January 2017

The Role of Gaskets in Minimizing Fugitive Emissions

Fugitive emissions are a serious matter for chemical plants and petrochemical facilities. First, the EPA is focused on reducing unplanned releases of VOC’s into the atmosphere, and second, it’s a cost-saving opportunity. Studies blame valves for the bulk of these emissions, but flanged joints and their associated gaskets play a part too.

Hunting Fugitives

Defined as “… unanticipated or spurious emissions from any part of the process plant,” in 2014 the Fluid Sealing Association estimated fugitive emissions amounted to some 300,000 tons annually. Furthermore, it’s thought a high proportion are hydrocarbon gasses like methane believed to be environmentally harmful.

Plants handling such chemicals are expected to implement Leak Detection And Repair (LDAR) protocols, preferably on a monthly basis. “Sniffing” technology is the method most commonly employed, although IR camera technology is increasingly available.

Prevention First

Should a LDAR survey reveal a leak the next step is usually to shutdown the affected equipment for valve repair or gasket replacement. Unplanned shutdowns are disruptive and expensive, making it essential to avoid such events. While leak-free performance can never be guaranteed, buying different types of quality gasket materials and following good sealing disciplines will reduce the likelihood of problems.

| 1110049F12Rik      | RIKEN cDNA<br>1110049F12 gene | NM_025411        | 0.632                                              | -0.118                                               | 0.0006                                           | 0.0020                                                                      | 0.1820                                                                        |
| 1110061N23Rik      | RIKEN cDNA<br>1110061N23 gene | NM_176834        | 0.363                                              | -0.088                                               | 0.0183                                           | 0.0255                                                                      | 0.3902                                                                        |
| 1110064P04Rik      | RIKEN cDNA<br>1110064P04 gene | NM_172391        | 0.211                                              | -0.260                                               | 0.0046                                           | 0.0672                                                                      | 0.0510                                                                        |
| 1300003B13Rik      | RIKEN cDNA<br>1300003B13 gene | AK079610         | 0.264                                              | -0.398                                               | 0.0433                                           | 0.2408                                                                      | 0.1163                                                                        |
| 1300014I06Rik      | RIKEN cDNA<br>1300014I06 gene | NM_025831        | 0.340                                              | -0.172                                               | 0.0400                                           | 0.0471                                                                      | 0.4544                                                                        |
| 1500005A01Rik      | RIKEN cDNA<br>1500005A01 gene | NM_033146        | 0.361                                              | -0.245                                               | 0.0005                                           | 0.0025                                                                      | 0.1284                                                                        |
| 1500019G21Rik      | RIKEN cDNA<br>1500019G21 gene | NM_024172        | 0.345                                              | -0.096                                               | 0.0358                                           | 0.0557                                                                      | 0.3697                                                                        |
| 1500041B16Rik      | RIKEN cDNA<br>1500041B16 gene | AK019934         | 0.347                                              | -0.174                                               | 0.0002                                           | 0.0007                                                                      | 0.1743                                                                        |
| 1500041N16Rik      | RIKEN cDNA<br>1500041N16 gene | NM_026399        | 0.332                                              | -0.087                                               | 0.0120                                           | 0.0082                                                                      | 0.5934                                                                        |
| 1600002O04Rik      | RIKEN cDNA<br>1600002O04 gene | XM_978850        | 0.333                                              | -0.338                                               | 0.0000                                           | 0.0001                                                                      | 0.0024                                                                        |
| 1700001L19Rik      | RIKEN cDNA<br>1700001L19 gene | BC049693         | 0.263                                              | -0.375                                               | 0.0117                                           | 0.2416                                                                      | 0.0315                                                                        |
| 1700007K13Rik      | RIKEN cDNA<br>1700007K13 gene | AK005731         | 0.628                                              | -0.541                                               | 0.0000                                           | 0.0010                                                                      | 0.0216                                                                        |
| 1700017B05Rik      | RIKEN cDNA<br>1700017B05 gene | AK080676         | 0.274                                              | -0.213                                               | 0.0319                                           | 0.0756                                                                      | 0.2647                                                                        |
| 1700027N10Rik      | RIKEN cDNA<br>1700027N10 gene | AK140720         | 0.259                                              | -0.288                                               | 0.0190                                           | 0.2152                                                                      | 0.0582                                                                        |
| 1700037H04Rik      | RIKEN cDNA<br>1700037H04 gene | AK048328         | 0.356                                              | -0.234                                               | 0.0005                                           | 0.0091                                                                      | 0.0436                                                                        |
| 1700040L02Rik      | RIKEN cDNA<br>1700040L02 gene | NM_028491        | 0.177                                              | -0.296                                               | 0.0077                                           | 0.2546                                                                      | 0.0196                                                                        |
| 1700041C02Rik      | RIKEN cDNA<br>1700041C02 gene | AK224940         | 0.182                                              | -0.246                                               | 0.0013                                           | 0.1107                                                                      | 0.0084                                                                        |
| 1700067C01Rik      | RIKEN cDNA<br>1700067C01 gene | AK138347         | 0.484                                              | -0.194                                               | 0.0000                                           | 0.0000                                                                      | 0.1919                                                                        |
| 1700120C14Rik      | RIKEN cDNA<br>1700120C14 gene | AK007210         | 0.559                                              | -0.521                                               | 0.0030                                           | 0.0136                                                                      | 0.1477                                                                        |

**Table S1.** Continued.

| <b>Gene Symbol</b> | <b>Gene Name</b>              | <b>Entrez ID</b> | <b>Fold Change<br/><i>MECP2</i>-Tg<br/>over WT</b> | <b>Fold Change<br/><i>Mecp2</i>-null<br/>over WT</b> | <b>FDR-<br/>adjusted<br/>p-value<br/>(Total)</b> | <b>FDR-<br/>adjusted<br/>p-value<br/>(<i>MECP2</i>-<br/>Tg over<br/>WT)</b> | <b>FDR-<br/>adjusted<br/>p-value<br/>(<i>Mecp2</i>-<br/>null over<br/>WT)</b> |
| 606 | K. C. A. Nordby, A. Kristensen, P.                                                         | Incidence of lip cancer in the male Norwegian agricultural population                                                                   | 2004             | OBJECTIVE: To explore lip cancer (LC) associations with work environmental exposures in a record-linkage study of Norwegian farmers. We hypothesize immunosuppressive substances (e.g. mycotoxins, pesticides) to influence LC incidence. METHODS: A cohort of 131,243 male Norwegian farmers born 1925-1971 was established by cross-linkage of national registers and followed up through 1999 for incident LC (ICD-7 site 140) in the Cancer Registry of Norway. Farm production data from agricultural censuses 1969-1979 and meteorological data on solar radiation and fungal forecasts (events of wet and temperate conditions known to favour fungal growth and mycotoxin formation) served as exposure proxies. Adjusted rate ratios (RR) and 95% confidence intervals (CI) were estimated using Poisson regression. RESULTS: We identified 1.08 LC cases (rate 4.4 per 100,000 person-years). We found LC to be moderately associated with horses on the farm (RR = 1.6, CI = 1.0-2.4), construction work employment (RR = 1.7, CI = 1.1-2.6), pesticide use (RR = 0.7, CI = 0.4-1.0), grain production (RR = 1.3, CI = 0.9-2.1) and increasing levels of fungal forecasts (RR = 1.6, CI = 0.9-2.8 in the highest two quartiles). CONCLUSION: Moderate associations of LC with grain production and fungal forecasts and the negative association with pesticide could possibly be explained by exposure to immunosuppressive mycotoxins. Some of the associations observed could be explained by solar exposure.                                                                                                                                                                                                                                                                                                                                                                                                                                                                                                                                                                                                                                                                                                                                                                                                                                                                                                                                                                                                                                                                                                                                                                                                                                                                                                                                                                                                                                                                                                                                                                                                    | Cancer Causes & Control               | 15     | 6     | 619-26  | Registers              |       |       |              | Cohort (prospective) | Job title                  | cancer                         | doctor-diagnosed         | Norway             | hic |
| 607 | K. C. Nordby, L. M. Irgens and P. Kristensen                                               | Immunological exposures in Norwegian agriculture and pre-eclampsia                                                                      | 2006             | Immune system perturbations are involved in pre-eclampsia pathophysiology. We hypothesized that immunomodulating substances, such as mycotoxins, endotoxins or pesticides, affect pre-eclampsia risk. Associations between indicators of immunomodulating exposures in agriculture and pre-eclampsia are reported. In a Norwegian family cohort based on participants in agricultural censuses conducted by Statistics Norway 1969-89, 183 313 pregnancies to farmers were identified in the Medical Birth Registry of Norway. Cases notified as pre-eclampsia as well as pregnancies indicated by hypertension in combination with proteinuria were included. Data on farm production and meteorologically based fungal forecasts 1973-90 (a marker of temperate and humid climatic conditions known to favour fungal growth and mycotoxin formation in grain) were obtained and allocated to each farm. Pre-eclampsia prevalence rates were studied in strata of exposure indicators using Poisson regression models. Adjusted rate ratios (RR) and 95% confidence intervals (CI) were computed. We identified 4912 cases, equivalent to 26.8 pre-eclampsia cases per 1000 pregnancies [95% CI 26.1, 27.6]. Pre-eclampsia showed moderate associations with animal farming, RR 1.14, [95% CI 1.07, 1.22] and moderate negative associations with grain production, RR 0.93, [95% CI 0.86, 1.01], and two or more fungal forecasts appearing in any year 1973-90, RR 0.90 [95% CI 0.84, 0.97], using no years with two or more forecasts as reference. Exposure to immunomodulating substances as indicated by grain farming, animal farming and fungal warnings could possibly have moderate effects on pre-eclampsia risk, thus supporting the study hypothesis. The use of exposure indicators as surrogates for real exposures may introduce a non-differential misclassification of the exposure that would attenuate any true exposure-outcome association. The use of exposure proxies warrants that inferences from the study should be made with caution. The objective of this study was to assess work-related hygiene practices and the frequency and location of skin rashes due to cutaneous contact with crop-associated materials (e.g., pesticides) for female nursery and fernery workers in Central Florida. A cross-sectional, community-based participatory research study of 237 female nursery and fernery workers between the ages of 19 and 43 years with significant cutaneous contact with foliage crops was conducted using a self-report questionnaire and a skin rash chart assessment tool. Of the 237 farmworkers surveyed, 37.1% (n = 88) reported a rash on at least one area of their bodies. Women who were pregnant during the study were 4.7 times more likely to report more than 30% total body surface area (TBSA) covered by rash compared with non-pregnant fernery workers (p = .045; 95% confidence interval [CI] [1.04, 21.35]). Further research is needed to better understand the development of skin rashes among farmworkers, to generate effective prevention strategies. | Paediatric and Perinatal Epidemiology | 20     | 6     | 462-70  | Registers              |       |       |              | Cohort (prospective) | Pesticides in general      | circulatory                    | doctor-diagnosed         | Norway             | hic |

Three Principles to Follow

  • Select material appropriate to the media, pressure and temperature. Nitrile gasket material for instance is generally compatible with hydrocarbons like gasoline but should not be taken above 250°F. A neoprene gasket will perform better against ammonia, alcohols and mild acids while high temperature applications may need a fluorocarbon or PTFE gasket. In particularly arduous conditions a spiral wound gasket might be needed.
  • Analyze the joint to determine material thickness and hardness needed. The general rule for gasket materials is “as thin and soft as possible.” The goal is always to ensure the gasket compresses sufficiently to seal the gap when the joint is bolted up. High bolt loads risk deforming the flange, potentially causing leaks.
  • Follow good gasket replacement disciplines. Clean flanges thoroughly and verify mating surfaces are undamaged. Tighten bolts following the recommended sequence to avoid uneven compression and the risk of gasket extrusion.

Gasket Swell Isn’t Always Bad

If gasket material isn’t chosen to suit the fluid being sealed, problems are almost inevitable. One reason is that some fluids will make the gasket grow thicker. This is an effect called swell. It increases bolt loads and can lead to material extruding out of the joint. Almost every gasket material has a fluid that will make it swell to some degree.

Bad Combinations

To give one example, an Acrylonitrile Butadiene Rubber (NBR) gasket swells significantly when exposed to acetone or methyl ethyl ketone yet shows almost no growth in the presence of vegetable or mineral oils. Hydrocarbons and petroleum products are a particular problem because they will cause swelling in several widely used gasket materials. EPDM, Styrene Butadiene Rubber (SBR) and Neoprene gaskets are prime examples and should not be used to seal these fluids.

Information on susceptibility to oil swelling is given in the ASTM D2000 classifications for elastomeric materials. This was addressed in “Buna-N (Nitrile) Gaskets and Oil” and “ASTM and Gaskets.”  Rubber gasket material sheet properties are essential to know.

Some Exceptions Apply